Marriage By Choice, Not By Obligation
By Tes Solomon Sil... on November 18, 2011
As my husband and I celebrated sixteen years of marriage a week ago, I am surprised that arranged marriages still exist as I've read in publications recently.
While I came from a country that preferred arranged marriages years and years ago, some of the "benefits" from such a marriage are not as unwelcome as others might think nowadays. Tradition dictated that parents arrange the match for their sons or daughters and this arrangement was conditional to the right qualifications of the family in question. If the qualifications were met between two families, only then would the intended meet and get to know each other before the wedding. In some cultures, the intended couple would not meet until their wedding day and start their married life getting to know each other.
While arranged marriages have never been a Western tradition, there are aspects of it that have recently become attractive to some who think of it as a way to give back to the family. There have been arguments regarding the economic benefit of arranging a married for their child, ensuring that their daughter will be taken care of. Americans do not believe in being "arranged" or having "dowries", but if the idea of an arranged marriage sounds good, there is enormous pressure placed on prospective suitors who are expected to provide for their future family.
It's true that the strereotype of men providing for their family still exists, but nowadays, women contribute to the economic well-being of their family as much if not more than their husbands or partners. In these economic times, the idea of choosing one's mate by parents is not being easily dismissed. The prospect of economic stability first before love is not the typical way for Western men and women in finding life-long partners, but can one be blamed for trying to think in these terms?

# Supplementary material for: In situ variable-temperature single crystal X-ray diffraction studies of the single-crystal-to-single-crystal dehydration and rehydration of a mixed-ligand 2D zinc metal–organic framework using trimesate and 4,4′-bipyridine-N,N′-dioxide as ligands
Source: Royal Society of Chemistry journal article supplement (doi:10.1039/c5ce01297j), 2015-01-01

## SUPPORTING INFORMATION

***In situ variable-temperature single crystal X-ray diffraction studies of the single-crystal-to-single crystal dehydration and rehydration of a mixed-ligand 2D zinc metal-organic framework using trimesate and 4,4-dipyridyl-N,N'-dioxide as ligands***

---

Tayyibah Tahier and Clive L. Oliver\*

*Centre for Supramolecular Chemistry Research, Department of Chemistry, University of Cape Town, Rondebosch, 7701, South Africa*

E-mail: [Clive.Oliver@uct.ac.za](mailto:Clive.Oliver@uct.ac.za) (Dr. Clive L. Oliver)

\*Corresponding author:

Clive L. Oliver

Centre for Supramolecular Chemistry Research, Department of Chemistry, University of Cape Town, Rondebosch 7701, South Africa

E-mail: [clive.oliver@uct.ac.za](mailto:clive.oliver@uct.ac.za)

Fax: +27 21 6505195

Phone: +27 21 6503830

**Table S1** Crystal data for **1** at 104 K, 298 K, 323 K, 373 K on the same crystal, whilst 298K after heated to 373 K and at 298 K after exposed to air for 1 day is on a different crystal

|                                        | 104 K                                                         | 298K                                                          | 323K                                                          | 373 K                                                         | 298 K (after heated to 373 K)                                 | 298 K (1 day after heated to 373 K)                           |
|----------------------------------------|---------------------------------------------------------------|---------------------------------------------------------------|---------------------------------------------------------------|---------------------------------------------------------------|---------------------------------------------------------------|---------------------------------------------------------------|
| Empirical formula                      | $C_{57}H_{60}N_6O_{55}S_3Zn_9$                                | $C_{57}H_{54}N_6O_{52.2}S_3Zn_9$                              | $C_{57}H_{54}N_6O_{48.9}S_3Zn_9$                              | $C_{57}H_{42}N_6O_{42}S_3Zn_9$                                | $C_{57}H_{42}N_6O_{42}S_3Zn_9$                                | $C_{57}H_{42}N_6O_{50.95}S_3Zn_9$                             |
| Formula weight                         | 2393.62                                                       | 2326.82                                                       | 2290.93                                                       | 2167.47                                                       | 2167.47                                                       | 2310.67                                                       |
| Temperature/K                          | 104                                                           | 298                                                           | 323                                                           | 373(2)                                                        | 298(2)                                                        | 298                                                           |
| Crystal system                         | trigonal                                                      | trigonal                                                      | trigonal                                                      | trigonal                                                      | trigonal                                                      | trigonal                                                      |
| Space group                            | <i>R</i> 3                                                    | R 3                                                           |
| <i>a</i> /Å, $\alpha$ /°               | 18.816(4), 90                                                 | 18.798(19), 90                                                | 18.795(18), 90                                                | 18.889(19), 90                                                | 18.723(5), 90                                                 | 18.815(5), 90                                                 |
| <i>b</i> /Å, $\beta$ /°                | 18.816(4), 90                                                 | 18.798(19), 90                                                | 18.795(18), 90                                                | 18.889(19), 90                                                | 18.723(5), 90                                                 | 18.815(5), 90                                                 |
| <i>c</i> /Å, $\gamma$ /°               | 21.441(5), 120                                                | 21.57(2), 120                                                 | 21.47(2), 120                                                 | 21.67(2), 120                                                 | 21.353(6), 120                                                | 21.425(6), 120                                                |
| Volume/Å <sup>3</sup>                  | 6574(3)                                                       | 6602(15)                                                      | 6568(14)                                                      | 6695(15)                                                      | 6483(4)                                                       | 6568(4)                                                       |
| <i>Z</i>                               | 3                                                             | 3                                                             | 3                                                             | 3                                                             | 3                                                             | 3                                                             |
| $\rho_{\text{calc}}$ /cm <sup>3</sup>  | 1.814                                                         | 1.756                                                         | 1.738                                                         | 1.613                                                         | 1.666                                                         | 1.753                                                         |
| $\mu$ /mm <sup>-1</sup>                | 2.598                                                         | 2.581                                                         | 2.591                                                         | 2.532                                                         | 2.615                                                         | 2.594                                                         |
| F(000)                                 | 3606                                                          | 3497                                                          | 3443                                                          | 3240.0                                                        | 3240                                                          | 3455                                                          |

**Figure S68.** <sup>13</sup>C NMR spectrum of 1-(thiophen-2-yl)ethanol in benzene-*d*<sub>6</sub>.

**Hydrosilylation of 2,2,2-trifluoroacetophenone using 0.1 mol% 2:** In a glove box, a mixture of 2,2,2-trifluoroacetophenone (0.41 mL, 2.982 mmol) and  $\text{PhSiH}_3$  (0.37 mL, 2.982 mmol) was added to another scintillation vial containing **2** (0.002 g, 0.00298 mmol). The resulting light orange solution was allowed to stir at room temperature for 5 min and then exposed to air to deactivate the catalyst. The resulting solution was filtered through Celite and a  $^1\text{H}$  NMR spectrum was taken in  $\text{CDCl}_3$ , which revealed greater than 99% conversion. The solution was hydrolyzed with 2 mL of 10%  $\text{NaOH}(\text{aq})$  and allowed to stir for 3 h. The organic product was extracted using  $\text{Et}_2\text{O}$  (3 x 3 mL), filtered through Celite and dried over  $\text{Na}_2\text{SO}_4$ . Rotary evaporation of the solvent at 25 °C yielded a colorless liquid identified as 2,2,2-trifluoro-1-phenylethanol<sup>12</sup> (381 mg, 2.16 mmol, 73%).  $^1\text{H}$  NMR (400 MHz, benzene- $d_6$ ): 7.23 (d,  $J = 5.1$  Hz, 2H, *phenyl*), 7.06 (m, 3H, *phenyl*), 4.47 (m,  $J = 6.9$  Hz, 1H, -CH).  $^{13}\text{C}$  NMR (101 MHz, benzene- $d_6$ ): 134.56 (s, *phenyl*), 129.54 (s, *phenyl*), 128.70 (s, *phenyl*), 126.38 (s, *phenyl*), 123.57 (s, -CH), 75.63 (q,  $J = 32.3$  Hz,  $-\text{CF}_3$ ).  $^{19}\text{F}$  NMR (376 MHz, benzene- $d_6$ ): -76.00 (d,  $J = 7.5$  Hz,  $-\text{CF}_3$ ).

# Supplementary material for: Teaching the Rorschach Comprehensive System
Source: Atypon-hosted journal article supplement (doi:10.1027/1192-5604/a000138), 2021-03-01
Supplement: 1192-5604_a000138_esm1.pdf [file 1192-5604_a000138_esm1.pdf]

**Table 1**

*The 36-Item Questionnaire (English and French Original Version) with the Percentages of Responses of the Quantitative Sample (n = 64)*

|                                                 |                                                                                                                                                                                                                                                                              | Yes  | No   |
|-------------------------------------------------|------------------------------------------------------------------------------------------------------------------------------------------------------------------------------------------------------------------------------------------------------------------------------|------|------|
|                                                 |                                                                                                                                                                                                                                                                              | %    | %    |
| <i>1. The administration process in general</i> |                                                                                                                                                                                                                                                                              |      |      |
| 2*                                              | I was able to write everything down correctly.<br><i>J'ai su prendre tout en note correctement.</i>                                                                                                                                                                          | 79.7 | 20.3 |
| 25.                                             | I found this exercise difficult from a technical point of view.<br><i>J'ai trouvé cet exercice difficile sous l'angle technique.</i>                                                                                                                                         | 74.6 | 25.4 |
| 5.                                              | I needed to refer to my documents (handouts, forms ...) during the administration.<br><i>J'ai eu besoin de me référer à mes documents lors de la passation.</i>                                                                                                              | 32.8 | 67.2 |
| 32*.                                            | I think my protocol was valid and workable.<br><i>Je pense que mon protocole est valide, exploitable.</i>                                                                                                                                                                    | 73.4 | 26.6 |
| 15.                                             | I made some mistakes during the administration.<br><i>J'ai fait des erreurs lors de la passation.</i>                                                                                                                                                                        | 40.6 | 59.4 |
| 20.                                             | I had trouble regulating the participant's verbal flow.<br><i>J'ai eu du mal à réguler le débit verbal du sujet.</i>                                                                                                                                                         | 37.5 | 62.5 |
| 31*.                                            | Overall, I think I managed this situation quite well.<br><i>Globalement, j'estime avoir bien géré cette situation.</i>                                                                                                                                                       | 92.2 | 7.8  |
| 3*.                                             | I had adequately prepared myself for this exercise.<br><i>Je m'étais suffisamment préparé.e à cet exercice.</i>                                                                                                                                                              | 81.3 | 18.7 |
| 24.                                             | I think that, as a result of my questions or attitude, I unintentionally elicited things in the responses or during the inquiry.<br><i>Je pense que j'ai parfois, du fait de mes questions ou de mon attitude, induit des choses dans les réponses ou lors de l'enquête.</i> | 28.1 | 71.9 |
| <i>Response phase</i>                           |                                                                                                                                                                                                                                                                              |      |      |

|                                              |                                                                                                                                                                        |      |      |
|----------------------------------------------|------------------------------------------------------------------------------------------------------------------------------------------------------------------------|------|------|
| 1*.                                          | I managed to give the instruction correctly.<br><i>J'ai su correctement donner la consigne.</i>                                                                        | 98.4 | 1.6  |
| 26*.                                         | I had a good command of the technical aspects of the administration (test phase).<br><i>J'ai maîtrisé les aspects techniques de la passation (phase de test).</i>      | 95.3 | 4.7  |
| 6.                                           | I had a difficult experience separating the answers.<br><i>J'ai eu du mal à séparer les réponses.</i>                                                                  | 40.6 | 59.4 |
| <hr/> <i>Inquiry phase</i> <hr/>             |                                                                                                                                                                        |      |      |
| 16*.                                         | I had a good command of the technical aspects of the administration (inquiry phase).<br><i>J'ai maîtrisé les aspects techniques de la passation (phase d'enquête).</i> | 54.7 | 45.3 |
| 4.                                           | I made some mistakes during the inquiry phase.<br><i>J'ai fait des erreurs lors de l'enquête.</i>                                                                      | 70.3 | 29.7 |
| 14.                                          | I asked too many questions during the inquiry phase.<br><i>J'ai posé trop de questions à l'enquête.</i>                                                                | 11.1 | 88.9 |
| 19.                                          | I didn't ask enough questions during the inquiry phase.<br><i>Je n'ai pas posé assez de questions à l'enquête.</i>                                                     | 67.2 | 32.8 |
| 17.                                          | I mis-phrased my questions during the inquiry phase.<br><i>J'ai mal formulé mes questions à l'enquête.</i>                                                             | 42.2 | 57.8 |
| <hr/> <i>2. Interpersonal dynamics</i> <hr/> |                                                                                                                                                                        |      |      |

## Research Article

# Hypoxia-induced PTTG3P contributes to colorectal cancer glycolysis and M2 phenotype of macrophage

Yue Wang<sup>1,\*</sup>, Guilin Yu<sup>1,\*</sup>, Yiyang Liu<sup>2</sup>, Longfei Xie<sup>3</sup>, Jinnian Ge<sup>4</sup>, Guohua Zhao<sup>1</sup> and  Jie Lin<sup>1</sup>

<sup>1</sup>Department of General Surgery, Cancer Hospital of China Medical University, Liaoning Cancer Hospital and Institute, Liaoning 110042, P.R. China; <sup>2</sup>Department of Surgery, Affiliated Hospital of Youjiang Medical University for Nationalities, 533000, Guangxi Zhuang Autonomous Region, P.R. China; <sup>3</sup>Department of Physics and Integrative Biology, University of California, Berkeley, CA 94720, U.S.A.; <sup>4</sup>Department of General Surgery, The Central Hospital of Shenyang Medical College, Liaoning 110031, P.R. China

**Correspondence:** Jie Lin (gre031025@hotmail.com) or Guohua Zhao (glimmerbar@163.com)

In India, arranged marriages are still prevalent and quite accepted. In my circle of friends, I know of two women whose marriages were arranged by their parents and are still married to the same men for more than ten years. When asked whether they would have preferred to have chosen their husbands instead of their parents doing so, they didn't think that it was an issue. For them, the idea of financial stability took precedence over love, as opposed to the other way around. For them, the idea of love was secondary to financial stability.
In the Philippines, arranged marriages used to be facilitated years ago by parents. Dating was allowed so long as there was a chaperone. To put in perspective, when my older sister got married and went to Canada for their honeymoon, so did we. Yes, my family went on the honeymoon as well. While we didn't share a room with them, we were with them throughout the entire honeymoon. Nowadays, dating and marriage in the Filipino culture are more Westernized and most people marry out of love, not by obligation. While there are those from an older generation who would prefer to go back to the tradition of arranged marriages for economic reasons, you would be hard pressed to find anyone from this generation to think that it's a good idea.
As someone who is lucky to have married the man I chose and not have him chosen for me, I am grateful to have had that right. Arranged marriages may not be for everyone, but I understand the reasons behind it. I know that every culture has traditions I may not agree with but it's not my place to pass judgment, I can only learn from it. That's my take on this, what's yours?
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